Pat Hindle

2019 will be known for the year that 5G started. We have seen the technology evolve as the design challenges were addressed by creative and talented engineers in our industry. A few years ago, we did not think that 5G mmWave transmitters would work over reasonable distances and steer beams accurately to end users or that 5G massive MIMO basestations would provide the throughput we wanted without using an inordinate amount of power. But after several years of careful design and testing, companies are achieving good results.

Signals Research Group, a consulting firm focused on the wireless industry, has been in the field testing the actual performance of 5G, based on measurements of networks in Korea, Switzerland, the U.K. and the U.S., operating at 3.5 and 28 GHz. Signals Research evaluated Verizon’s mmWave 5G network in downtown Minneapolis as the service was being launched in April. In these tests, the median download speed was around 380 Mbps, with peak rates approaching 1.5 Gbps. Signals Research also evaluated Verizon’s indoor coverage at the US Bank stadium in Minneapolis. They said the coverage extended to “virtually all areas within the stadium” and achieved a physical layer throughput of almost 1.9 Gbps at a typical seat in the empty stadium. They evaluated holding the phone in different places and it did not severely affect the reception unless the entire phone was covered with two hands.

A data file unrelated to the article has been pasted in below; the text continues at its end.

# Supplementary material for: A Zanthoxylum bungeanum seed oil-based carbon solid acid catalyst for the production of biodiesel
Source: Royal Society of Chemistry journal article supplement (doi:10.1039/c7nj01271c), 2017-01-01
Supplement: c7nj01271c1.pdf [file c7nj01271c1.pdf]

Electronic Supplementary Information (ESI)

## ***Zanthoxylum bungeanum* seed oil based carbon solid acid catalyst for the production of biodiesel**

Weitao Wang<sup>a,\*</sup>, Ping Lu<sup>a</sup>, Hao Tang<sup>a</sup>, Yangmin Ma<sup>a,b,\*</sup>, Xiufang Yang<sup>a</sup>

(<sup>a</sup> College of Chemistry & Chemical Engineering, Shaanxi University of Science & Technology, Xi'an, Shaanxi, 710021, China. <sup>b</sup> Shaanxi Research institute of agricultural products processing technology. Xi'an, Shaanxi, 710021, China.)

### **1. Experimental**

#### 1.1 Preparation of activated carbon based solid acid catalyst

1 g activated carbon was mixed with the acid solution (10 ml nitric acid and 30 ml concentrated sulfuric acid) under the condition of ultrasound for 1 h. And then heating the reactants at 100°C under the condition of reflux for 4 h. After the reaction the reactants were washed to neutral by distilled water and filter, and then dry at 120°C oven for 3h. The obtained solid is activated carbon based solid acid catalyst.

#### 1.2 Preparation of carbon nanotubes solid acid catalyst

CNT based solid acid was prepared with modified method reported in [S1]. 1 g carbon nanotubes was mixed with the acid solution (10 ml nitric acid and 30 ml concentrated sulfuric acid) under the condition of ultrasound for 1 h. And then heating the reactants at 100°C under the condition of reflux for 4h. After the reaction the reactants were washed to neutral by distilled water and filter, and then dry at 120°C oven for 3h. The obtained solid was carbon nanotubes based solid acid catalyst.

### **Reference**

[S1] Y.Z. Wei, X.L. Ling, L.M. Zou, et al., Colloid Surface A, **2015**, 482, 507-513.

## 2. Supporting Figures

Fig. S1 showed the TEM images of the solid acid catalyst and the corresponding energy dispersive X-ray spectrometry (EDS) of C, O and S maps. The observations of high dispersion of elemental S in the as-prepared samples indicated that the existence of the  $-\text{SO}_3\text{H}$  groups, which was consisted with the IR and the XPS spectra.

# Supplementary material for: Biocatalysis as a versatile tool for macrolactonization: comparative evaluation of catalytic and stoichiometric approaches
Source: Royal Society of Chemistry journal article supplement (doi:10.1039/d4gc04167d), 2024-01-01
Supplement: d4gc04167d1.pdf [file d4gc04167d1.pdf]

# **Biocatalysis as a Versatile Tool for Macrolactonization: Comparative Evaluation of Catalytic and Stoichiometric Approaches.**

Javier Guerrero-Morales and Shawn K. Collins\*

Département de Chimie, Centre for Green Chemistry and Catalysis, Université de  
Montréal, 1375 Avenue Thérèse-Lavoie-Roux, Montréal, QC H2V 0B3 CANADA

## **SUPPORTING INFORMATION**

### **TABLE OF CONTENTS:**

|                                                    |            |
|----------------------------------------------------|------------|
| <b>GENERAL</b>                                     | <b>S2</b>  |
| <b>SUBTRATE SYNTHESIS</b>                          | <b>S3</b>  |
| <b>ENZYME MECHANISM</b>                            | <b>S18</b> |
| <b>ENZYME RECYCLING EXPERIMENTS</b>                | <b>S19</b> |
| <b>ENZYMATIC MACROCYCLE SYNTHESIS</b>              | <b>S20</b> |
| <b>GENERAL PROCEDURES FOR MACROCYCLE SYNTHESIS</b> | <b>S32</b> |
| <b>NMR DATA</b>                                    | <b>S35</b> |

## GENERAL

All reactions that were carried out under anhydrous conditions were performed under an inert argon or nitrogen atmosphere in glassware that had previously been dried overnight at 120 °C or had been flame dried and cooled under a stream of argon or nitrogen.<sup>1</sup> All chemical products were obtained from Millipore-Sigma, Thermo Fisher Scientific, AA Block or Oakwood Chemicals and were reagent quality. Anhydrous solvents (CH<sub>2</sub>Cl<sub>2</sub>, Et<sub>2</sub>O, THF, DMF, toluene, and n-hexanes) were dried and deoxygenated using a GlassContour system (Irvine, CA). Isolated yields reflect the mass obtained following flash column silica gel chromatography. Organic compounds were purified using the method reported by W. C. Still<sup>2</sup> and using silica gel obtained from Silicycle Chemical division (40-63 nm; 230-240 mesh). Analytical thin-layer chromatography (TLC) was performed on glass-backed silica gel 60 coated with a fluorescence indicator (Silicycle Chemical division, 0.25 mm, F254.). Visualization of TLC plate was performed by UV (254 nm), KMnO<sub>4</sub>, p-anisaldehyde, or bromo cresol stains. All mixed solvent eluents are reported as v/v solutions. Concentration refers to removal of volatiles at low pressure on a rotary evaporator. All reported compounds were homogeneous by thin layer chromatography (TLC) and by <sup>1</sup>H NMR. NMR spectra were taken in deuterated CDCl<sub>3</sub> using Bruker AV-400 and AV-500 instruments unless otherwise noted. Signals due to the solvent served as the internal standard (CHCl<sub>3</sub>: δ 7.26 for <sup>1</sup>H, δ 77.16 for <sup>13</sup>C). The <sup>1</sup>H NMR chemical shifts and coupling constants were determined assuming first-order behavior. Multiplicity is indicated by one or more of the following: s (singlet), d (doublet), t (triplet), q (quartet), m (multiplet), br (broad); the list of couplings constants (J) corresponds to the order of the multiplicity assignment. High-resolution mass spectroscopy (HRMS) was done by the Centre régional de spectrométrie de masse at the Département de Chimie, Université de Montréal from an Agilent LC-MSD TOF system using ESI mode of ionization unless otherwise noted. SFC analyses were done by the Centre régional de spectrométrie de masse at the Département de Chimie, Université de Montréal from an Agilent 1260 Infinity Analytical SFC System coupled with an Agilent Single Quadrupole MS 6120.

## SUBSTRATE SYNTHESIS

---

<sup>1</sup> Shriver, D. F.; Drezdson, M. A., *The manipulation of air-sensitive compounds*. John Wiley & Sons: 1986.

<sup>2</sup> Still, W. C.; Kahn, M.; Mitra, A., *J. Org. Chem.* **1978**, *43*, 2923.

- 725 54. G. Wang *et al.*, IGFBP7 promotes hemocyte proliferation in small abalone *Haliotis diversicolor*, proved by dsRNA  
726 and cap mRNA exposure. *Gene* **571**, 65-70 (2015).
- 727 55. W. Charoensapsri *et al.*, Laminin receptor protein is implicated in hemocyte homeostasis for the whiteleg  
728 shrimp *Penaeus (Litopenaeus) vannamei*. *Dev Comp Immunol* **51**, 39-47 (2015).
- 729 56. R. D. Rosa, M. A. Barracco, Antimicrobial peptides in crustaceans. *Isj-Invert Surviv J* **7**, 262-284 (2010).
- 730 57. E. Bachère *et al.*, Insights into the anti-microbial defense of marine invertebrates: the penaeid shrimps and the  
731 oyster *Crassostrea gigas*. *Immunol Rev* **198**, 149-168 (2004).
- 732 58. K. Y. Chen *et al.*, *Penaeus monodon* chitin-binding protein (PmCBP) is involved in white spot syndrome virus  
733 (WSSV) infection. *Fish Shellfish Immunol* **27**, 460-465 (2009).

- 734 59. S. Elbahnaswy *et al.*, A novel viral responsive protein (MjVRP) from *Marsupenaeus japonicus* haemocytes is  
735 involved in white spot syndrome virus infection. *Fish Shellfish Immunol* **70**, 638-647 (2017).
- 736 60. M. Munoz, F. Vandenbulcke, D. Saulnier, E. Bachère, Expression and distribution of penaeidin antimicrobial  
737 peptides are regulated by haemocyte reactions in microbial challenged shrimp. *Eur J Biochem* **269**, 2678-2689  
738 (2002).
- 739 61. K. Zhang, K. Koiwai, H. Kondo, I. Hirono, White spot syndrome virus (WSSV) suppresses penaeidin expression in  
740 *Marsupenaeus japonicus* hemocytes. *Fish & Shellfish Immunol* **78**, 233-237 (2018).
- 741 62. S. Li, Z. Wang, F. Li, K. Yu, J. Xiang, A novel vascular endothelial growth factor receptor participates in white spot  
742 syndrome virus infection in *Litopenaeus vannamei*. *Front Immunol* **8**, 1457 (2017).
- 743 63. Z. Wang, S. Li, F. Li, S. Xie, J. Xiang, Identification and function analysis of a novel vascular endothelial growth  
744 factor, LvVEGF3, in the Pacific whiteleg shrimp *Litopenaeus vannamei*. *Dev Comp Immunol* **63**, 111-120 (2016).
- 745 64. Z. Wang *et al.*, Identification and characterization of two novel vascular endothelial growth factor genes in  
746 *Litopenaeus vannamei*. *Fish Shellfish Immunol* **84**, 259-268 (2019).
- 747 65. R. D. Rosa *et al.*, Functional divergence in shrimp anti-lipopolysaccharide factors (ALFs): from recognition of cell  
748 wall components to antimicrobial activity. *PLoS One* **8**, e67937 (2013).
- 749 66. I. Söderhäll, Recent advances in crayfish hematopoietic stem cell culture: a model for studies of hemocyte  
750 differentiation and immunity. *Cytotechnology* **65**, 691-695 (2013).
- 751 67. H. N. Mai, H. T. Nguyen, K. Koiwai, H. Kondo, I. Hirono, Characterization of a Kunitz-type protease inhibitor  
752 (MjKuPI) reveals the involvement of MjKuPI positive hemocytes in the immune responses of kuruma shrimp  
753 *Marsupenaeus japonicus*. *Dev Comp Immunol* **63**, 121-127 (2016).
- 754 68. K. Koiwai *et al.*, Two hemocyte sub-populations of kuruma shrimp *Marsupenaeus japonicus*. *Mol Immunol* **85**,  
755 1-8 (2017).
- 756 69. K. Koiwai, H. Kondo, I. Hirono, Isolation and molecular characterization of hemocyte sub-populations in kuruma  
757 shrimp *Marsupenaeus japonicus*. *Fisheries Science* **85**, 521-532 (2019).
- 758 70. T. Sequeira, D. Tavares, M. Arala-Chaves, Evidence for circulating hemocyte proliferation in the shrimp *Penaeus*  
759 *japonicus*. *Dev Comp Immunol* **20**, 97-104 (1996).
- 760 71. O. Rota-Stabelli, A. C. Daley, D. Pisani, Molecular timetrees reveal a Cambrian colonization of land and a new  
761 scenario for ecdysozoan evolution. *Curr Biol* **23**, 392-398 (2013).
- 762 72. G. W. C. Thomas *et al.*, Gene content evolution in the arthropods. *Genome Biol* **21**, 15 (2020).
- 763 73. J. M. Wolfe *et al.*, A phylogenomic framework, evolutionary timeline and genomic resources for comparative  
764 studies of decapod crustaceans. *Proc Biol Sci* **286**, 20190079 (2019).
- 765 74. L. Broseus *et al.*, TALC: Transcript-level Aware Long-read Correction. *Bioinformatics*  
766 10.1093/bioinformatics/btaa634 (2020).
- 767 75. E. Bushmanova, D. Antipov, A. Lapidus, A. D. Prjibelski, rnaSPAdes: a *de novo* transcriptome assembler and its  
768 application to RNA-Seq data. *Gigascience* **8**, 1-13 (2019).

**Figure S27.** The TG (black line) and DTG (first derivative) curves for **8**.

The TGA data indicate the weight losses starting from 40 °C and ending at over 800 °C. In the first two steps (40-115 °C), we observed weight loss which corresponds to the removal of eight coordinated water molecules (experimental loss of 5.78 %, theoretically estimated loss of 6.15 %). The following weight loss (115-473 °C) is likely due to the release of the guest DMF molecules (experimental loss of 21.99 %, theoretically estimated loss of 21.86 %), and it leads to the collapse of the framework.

Signals Research ran tests on 5G networks in Seoul, London and Bern operating at 3.5 GHz. Along a 4.6 km route in Seoul, an LG V50 5G phone achieved good coverage and 1.9× the download throughput of an LG G8 LTE phone, normalizing for resource blocks. The median 5G throughput was 512 Mbps, using 100 MHz bandwidth, compared to 268 Mbps for LTE. In London, EE’s 5G network was tested along a 6.75 km route in central London, again showing good 5G coverage. EE uses 80 MHz for 5G compared to 95 MHz for LTE using carrier aggregation with five carriers. A OnePlus 7 Pro smartphone achieved 5G download speeds of 220 Mbps average, with peaks to 600 Mbps. In a walk test in Bern, covering an 8 km2 area, an OPPO Reno 5G smartphone had 1.5× faster downloads than an LTE-only phone, achieving a median download of 234 Mbps compared to 156 Mbps for LTE.

Signals Research simulated the battery life of a Galaxy S10 smartphone with a 4400 mAh battery, assuming several use cases. While the battery life with 100 percent LTE operation was the longest, the estimated battery life for full 5G operation was 14 hours, confirming that a 5G phone will last all day without recharging the battery. One note to these test results is that while Signals Research began measuring 5G networks last spring, the report compiling its findings was sponsored by Qualcomm.

And now China’s three major mobile operators officially launched 5G services in parts of 50 cities, claiming the largest rollout in the world, just six months after the government issued licenses. The three operations deployed about 86,000 5G base stations and expect to have more than 130,000 by year-end. Market leader China Mobile aims to install 50,000 sites by December’s end, while China Unicom and China Telecom each target about 40,000. China Unicom claimed ubiquitous 5G coverage in 14 cities and 28,000 base stations.

It was an interesting year of activity in the area of 5G and IoT. Next year will be the year that consumers start to really use 5G, and we will see how it performs in everyday use. In parallel, network providers are targeting manufacturing and industrial applications that are viewed as more lucrative in the early days of the 5G rollout as Industry 4.0 takes place.